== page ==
Antonio Lucas -winner of the LOEWE Poetry Award- and journalist Jesús Ruiz Mantilla analysed at the Church of San Nicolás, together with the film director and screenwriter Fernando León de Aranoa, his film A perfect day. The emotions and relationship between international voluntary workers living critical and frightening situations -both unreal and dramatic- led their conversation. “I like reality, but not realistic forms”, said the filmmaker. In the movie, a well contaminated by a corpse thrown inside with the evil will to intoxicate the water, brings irrational situations to the protagonists. León de Aranoa wished to reflect in his film a “living and brilliant energy… not melancholic”. Voluntary workers frequently turn to humour to overcome difficult situations. The conversation inevitably led to the situation that currently refugees live. León de Aranoa remembered that unfortunately this is a “recurrent problem in History”. It is necessary to “look for the source of the problem” and not to fall, as Antonio Lucas said, “into a false sense of goodness in the distribution of refugee quotas”.

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In the last talk of the day supported by the LOEWE Foundation, also in the same Church, the journalist Manu Llorente spoke with Luis Antonio de Villena -man of letters and Jury of the LOEWE Poetry Award- about the situation of culture nowadays. Villena laments the current arid situation that has resulted “not from the lack of creation but from the absence of audience.” The poet believes that “only those with the best knowledge should go to university. It is not a place for everyone, only the best people from all economic levels should be able to attend university.” In his opinion, the lack of interest of young people in culture is a consequence of their precarious education and he insisted in culture as a fundamental condition in the formation of individuals. But he warns: “culture is a right for all and, if it is deficient, it will need the support of the government to survive.”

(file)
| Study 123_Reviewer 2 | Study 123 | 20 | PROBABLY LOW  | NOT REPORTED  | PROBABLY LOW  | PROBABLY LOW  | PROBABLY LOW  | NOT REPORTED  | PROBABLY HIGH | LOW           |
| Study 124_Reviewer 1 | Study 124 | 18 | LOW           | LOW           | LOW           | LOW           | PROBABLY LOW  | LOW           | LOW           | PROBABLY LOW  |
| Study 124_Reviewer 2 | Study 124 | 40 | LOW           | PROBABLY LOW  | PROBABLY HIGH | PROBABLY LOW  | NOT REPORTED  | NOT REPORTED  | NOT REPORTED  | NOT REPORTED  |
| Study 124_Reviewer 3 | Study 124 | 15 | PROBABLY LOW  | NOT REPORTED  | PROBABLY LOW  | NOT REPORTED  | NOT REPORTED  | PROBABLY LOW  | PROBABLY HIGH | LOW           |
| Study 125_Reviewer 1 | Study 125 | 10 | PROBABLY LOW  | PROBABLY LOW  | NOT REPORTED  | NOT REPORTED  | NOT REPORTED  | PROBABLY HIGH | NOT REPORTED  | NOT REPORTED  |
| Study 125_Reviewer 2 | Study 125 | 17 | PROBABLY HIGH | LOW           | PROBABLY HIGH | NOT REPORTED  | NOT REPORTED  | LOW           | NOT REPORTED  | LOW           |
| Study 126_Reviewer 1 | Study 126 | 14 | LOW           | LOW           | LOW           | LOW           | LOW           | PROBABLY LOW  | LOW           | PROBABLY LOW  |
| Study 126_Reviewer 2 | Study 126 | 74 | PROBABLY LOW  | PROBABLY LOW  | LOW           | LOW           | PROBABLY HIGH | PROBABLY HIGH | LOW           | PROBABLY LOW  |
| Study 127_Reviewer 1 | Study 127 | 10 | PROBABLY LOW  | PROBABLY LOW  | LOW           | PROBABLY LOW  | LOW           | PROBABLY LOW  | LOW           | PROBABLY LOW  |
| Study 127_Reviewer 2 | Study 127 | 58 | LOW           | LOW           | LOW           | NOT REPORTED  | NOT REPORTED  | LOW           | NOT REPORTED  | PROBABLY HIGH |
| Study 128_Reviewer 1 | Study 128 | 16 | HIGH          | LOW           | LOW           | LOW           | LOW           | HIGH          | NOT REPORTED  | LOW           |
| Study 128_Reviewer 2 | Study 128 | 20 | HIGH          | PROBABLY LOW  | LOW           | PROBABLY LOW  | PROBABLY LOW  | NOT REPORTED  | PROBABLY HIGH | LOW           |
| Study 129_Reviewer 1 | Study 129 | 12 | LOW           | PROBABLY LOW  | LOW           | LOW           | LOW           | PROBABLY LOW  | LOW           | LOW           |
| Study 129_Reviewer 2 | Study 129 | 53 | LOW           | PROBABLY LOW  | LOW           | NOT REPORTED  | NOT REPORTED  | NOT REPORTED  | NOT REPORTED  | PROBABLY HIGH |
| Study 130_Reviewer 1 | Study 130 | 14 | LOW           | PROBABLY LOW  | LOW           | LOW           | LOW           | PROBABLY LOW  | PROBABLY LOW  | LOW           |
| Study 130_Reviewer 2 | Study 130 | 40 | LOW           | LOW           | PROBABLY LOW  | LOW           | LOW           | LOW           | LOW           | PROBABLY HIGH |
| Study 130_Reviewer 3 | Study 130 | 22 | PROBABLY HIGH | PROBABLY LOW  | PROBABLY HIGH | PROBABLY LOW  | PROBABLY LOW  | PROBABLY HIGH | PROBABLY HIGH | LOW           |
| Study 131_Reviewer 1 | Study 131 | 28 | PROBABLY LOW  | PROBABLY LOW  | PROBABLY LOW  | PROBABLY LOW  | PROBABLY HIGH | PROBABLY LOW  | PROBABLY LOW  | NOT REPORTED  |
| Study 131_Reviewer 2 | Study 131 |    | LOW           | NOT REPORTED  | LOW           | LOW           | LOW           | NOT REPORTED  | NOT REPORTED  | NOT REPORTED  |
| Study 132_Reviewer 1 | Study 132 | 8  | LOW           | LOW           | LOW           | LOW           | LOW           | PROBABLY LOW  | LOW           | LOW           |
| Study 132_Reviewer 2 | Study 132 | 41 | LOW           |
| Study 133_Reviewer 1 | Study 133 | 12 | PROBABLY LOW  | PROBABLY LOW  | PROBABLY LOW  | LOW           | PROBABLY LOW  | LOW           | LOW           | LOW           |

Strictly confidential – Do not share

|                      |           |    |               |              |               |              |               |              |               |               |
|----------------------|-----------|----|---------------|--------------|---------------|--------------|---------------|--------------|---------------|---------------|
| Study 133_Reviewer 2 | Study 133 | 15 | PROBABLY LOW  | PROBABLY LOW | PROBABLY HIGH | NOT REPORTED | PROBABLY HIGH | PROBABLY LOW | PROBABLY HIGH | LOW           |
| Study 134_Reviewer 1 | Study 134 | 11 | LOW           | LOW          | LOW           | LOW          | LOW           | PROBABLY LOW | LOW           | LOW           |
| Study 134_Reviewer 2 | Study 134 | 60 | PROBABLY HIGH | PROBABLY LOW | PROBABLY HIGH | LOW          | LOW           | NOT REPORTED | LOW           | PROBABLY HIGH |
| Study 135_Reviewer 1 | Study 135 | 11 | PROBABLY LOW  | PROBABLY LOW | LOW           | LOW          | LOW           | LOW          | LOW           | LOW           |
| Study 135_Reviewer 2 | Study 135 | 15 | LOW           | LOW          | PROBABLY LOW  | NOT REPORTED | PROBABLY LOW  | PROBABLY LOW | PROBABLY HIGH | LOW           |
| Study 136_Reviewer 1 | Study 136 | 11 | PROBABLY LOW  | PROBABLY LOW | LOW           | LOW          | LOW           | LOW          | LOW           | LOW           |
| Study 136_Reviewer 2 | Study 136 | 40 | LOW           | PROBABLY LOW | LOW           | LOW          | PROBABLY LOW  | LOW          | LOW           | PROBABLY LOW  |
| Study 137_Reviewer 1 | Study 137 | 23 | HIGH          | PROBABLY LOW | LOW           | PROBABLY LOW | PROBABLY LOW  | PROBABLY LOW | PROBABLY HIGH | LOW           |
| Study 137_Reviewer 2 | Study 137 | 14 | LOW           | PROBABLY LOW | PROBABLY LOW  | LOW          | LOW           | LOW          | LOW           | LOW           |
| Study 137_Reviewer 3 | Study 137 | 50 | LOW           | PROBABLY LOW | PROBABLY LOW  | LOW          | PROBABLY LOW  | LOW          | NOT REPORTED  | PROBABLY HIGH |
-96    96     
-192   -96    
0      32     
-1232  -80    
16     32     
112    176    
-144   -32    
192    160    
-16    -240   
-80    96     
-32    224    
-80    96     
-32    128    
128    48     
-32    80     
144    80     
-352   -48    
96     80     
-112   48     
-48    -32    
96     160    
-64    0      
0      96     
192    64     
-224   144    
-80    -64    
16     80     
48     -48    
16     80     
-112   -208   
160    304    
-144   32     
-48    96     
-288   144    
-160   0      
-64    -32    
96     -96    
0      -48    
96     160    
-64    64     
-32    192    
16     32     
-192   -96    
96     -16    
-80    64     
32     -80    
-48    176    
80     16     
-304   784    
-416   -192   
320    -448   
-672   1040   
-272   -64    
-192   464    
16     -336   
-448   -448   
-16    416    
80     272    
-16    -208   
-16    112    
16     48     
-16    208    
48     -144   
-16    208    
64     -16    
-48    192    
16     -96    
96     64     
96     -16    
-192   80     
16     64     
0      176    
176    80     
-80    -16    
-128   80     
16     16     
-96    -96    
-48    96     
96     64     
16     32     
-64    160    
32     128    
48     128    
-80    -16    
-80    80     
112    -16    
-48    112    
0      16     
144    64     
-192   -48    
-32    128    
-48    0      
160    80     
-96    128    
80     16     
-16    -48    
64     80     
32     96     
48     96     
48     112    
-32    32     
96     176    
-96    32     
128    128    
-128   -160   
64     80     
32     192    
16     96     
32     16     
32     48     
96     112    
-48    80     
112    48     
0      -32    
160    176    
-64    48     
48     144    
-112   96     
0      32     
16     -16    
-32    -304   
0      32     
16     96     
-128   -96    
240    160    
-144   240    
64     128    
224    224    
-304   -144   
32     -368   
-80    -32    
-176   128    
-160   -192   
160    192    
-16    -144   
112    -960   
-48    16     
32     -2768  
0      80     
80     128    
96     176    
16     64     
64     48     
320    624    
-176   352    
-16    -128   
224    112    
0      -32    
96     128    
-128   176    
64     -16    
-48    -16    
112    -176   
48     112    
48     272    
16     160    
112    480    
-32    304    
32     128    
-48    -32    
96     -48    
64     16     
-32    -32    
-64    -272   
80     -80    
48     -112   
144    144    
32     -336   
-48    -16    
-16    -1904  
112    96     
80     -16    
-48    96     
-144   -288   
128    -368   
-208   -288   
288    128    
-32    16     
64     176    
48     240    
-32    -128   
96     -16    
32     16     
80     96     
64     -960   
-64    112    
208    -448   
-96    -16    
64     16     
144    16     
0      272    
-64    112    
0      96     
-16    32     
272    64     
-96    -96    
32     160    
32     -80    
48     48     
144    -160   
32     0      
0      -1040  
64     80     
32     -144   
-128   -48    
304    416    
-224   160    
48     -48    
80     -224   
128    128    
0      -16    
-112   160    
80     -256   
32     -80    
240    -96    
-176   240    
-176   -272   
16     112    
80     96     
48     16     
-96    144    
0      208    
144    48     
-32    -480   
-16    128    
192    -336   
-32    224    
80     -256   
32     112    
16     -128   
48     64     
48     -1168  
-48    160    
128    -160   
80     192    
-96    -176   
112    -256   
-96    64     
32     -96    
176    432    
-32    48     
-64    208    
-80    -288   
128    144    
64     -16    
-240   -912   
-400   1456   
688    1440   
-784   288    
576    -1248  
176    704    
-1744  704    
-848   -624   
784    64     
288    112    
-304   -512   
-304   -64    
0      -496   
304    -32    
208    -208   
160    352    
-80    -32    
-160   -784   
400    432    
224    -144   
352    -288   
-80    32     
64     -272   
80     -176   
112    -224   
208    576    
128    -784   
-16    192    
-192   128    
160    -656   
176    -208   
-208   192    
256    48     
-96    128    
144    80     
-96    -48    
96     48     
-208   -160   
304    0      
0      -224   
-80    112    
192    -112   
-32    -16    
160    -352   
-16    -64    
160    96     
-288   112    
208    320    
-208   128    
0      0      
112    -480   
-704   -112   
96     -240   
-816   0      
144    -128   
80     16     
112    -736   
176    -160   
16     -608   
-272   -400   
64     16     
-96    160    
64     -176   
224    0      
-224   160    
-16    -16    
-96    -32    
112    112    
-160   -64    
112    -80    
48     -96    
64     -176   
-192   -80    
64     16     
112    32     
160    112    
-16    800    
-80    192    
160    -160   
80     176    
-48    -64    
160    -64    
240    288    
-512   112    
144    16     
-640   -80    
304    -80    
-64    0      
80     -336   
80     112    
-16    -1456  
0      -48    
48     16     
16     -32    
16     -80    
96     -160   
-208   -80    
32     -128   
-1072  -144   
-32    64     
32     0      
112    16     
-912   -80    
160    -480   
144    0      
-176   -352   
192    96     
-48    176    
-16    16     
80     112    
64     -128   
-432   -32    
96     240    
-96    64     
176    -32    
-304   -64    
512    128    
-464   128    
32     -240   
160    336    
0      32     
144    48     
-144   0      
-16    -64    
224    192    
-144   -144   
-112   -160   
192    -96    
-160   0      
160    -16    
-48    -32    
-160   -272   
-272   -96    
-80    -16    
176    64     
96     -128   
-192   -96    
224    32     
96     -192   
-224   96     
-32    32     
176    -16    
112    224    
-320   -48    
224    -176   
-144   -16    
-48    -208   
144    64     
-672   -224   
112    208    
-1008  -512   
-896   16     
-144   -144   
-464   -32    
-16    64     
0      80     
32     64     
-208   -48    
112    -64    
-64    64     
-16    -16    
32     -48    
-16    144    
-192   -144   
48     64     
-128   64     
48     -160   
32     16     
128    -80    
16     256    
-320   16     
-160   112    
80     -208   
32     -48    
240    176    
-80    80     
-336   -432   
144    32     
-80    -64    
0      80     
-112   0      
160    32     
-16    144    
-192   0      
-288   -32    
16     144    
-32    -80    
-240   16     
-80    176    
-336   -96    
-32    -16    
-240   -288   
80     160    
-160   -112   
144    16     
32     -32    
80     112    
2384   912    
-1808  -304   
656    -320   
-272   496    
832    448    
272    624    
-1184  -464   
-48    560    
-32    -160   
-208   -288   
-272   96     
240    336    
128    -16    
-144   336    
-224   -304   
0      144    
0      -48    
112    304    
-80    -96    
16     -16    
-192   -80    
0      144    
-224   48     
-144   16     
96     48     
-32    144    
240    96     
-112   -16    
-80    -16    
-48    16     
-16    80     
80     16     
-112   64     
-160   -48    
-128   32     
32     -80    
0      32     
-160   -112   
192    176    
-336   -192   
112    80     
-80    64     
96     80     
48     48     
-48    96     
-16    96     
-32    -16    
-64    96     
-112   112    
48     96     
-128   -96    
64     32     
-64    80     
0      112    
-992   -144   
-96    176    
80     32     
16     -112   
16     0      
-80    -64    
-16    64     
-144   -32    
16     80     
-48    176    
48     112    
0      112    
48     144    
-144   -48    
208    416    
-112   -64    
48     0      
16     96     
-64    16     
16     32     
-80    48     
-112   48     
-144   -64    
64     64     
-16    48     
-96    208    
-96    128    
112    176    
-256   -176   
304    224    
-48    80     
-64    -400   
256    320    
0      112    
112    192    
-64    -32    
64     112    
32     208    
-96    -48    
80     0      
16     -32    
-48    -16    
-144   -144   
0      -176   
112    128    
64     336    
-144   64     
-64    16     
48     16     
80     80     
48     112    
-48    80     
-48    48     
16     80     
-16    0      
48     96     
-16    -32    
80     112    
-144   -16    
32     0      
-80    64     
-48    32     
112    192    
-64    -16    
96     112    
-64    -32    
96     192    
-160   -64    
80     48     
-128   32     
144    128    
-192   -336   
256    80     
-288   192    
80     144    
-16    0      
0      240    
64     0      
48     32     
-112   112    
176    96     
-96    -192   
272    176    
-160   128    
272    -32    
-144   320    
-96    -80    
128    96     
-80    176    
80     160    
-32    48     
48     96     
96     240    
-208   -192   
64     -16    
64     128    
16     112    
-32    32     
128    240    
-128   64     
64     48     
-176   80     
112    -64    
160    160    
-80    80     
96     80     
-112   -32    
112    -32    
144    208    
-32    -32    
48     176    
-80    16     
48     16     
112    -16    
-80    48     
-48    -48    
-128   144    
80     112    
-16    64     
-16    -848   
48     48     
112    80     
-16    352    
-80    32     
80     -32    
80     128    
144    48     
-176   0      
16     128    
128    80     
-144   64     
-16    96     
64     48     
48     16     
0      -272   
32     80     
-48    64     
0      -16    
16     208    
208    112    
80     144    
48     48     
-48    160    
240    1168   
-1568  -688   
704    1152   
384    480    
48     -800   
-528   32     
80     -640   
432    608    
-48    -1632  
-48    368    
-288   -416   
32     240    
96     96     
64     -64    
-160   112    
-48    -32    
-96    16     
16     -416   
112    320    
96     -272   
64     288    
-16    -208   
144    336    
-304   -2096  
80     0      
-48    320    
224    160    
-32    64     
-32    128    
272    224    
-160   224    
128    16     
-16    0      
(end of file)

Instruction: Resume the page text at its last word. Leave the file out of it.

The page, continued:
Photographs: Talk at the Gardens of the Convent of los Padres Carmelitas. Antonio Lucas, Fernando León de Aranoa y Jesús Ruiz Mantilla; Luis Antonio de Villena y Manu Llorente at the Church of San Nicolás © Javier Salcedo, 2015.

The Gran Teatre del Liceu welcomes the swans of the English National Ballet

The English National Ballet (ENB), directed by the Spanish dancer Tamara Rojo, will be dancing Swan Lake, perhaps the most popular title of the entire repertoire of classical ballet. With these performances, starting September 16, the Gran Teatre del Liceu opens a new dance season sponsored by the LOEWE FOUNDATION.

English National Ballet, Swan Lake in the round technical rehearsal